Clinical significance of the increasing resistance of organisms to the antibiotics

Clinical significance of the increasing resistance of organisms to the antibiotics

918 ABSTRACTS OF CURRENT LITERATURE asthma it is unwise to attempt to control attacks by antibiotics, in fact the attacks may become pejorative. A...

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918

ABSTRACTS

OF CURRENT

LITERATURE

asthma it is unwise to attempt to control attacks by antibiotics, in fact the attacks may become pejorative. Again, administration of “shots” without effective physical examination “is not the way to practice medicine.” The free use of troches and lozenges containing antibiotics may result in a superinfection with thrush, or it may cause skin conditions. Mixtures of these agents have “little or no rationale.” It is better to choose one antibiotic on the basis of the infecting organism than to gunshoot in the hope of killing all organisms. Penicillin G (and its variations) remains the agent of choice in most instances. Germ resistance must not be allowed to supervene because of too much antibiotic medication. In the article, practically all the antibiotics now in use are Streptomycin and dihgdrostreptomycin mentioned. Only a few will be mentioned here. Chlortetramay be seriously toxic and may well be limited to treating tuberculosis. cycline (Aureomycin) and oxytetracycline (Terramycin) are useful but seem to tend to Chloramphenicol is cause toxicity and superinfections of the skin, mouth, vagina, etc. Carbomycin and erythromycin toxic and should be limited to treating typhoid fever. probably should be limited to treating streptococcal, staphylococcal, and pneumococcal infections. Their clinical action in toto has not been well verified as yet. Racitracin, when indicated, seems safe to use at this stage of our knowledge. Polympxin B may be Neomycin sulfate is helpful in used in infections caused by Pseudomonas neruginosa. preparing the colon for surgery. Mixtures of antibiotic-s nmy br administered in such conditions as acute bacterial endocarditis when the causative organism is an alpha or norihemolytic streptococcus. Such mixtures may be lifesaving. One must depend largel? upon conclusions drawn from experiments in vitro as to the efficacy of combinations of streptomycin, penicillin, bacitracin, and polymyxin R, but Long warns, “It does not seem to be wise to mix any of these antibiotics with aureomycin or terramycin.” Toxic reactions are an evil which it is difficult to overcome in the presence of a severely ill patient. ,4 history of previous reactions and of the amounts of antibiotics given on former occasions may enable one to estimate the possible calling forth of latent untoward responses. If an unpleasant experience has been noted after the administrat,ion of penicillin G, it is well to use penicillin 0 or some other antilliotic. Intolerance may be a definitely hidden factor. Chloramphenicol has been accused of causing certain tlyscrasias of the blood. However, out of 539 recorded cases of such dyscrasias, in onl- fifty-five could rhloramphenicol be suspected, since it was the sole drug used. It was notecl, though, that aplastic anemia? which has a uniformly bad prognosis, developed in forty-four (80 per cent) patients. The Food and Drug Administration has ruled that all preparations of chIoramphenico1 for oral use must bear special warnings as to its possible effects in producing hlood dyscrasias. T. J. C.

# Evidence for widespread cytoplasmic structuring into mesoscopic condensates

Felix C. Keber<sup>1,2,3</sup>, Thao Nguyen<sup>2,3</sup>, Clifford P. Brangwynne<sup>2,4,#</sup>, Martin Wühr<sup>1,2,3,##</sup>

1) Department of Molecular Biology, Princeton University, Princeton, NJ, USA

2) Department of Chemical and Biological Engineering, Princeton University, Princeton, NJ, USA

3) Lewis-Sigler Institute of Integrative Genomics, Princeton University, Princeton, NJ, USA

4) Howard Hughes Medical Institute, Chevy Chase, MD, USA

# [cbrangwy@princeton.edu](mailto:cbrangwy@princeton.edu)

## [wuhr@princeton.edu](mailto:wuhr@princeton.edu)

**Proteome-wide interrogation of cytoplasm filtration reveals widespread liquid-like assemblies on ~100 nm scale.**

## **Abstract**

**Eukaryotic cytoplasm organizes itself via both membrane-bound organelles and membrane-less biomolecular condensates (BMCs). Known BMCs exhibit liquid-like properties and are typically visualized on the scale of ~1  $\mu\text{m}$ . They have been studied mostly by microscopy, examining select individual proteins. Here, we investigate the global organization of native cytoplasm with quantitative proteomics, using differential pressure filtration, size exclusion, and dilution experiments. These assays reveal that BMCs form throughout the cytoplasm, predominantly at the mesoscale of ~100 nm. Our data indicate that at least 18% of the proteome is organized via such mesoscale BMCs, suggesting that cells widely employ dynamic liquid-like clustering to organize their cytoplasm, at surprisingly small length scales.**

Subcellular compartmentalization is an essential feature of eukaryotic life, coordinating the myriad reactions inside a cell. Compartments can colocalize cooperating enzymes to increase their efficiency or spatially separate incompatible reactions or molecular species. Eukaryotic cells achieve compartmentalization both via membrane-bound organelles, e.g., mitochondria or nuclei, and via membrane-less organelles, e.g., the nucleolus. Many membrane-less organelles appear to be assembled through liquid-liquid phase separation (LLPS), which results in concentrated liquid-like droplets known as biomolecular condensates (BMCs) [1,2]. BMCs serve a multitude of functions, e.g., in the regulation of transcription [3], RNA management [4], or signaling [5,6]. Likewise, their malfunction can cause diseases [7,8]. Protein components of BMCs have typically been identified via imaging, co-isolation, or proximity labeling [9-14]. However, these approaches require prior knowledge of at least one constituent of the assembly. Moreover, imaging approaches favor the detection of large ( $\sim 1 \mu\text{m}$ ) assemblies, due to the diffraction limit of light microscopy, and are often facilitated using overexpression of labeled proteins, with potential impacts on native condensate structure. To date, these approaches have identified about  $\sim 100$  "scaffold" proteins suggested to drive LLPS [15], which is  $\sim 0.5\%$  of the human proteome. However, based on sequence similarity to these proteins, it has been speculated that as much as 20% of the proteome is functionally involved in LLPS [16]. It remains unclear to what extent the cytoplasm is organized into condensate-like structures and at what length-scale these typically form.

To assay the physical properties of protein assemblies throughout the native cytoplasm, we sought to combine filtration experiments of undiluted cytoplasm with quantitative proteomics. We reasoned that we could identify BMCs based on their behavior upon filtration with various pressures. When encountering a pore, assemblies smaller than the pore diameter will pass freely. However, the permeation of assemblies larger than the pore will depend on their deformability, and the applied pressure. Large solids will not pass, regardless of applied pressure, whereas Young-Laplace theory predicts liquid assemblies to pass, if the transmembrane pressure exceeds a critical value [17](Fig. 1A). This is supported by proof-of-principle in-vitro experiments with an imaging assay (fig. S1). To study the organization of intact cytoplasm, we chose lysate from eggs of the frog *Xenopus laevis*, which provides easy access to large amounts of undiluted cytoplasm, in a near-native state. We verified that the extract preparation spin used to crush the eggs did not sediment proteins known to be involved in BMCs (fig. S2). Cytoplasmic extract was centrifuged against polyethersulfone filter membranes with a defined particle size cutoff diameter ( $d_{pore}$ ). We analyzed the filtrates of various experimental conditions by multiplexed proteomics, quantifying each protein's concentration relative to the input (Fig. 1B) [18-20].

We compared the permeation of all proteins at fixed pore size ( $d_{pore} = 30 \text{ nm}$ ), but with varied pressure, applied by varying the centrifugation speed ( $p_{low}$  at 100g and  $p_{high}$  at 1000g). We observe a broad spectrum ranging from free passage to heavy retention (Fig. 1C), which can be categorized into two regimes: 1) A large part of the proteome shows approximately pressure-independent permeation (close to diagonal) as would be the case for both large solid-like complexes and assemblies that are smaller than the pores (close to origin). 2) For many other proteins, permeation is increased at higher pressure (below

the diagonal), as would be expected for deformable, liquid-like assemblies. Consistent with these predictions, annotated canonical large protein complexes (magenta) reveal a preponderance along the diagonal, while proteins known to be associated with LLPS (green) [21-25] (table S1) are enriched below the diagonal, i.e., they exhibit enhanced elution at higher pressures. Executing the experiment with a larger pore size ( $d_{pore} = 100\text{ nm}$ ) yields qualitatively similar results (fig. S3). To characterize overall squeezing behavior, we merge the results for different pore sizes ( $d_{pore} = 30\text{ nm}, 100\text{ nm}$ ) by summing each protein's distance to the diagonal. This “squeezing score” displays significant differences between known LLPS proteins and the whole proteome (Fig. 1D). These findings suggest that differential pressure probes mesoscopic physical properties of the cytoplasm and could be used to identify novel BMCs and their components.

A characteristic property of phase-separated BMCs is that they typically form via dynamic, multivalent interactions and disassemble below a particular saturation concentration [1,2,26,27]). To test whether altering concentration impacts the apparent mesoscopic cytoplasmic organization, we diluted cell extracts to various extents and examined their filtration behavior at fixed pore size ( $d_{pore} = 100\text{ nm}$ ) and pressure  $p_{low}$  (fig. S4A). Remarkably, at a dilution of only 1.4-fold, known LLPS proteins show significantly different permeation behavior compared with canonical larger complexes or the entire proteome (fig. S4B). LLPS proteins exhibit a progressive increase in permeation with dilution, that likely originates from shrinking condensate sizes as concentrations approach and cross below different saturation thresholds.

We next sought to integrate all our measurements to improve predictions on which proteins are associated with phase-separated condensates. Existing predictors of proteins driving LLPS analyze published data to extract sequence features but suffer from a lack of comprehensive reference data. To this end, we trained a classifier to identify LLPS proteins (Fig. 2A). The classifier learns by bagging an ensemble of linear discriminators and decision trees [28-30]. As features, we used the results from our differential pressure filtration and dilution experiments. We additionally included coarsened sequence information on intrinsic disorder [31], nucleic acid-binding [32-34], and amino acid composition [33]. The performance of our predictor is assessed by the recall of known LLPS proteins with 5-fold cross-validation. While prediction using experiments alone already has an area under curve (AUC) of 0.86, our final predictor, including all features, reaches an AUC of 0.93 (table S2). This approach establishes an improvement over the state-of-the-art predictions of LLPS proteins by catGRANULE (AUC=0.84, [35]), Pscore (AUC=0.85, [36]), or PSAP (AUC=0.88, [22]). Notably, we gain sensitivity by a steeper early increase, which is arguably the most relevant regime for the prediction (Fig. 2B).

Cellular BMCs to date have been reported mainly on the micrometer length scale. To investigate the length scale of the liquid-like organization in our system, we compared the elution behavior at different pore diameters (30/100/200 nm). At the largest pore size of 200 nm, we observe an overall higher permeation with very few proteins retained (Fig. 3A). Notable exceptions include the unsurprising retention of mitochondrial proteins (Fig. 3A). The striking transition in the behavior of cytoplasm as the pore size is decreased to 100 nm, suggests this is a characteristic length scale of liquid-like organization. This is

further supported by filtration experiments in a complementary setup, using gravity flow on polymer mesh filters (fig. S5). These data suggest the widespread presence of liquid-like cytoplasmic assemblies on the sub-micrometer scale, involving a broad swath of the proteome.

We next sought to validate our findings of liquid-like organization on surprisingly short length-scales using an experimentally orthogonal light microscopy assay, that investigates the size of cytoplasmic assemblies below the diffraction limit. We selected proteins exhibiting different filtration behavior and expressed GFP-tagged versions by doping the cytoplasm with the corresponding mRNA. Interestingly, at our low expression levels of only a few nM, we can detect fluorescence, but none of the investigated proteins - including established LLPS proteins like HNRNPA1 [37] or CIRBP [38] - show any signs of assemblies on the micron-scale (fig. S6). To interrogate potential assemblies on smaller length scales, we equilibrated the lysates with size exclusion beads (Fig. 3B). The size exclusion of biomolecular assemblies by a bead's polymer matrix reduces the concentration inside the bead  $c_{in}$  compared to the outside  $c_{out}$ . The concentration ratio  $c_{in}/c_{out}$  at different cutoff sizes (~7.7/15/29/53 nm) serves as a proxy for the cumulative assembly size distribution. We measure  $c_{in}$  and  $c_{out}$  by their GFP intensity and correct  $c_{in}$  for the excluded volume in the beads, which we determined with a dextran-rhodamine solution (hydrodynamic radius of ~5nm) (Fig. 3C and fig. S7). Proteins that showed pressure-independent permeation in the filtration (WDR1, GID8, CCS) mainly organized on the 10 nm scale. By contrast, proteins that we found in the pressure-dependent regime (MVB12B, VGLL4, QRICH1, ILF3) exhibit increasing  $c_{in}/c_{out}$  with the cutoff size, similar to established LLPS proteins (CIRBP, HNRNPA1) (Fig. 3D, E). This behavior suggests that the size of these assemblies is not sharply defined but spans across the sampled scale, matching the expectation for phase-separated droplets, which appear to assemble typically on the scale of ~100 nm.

Clinical Significance of the Increasing Resistance of Organisms to the Antibiotics. 3’. L. 1953. Meleney, and B. A. Johnson. Surg., Gynec. & Obst. 97: 257 (September) Meleney and Johnson review the history of sulfonamide and penicillin usage in surgical infections and point out the various theories which attempt to explain the There is ample evidence that the more mechanism of bacterial resistance to antibiotics. often and the more indiscriminately any antibiotic is used, the more readily bacteria of all types develop resistance, and their progeny, propagating that resistance, fail to respond to treatment with the antibiotic. In extensive laboratory studies it has been found with almost every species of organism that those obtained from hospital inpatients were more resistant to antibiotics than those obtained from the outpatients. From year to year more and more patients are failing to respond to antibiotics indiscriminately selected and administered. This fact points to the necessity of determining as quickly as possible by means of laboratory tests the causative organisms and their sensitivity. These laboratory tests are not being employed as frequently as necessary in order for patients to receive the full benefit from present knowledge. T. J. C.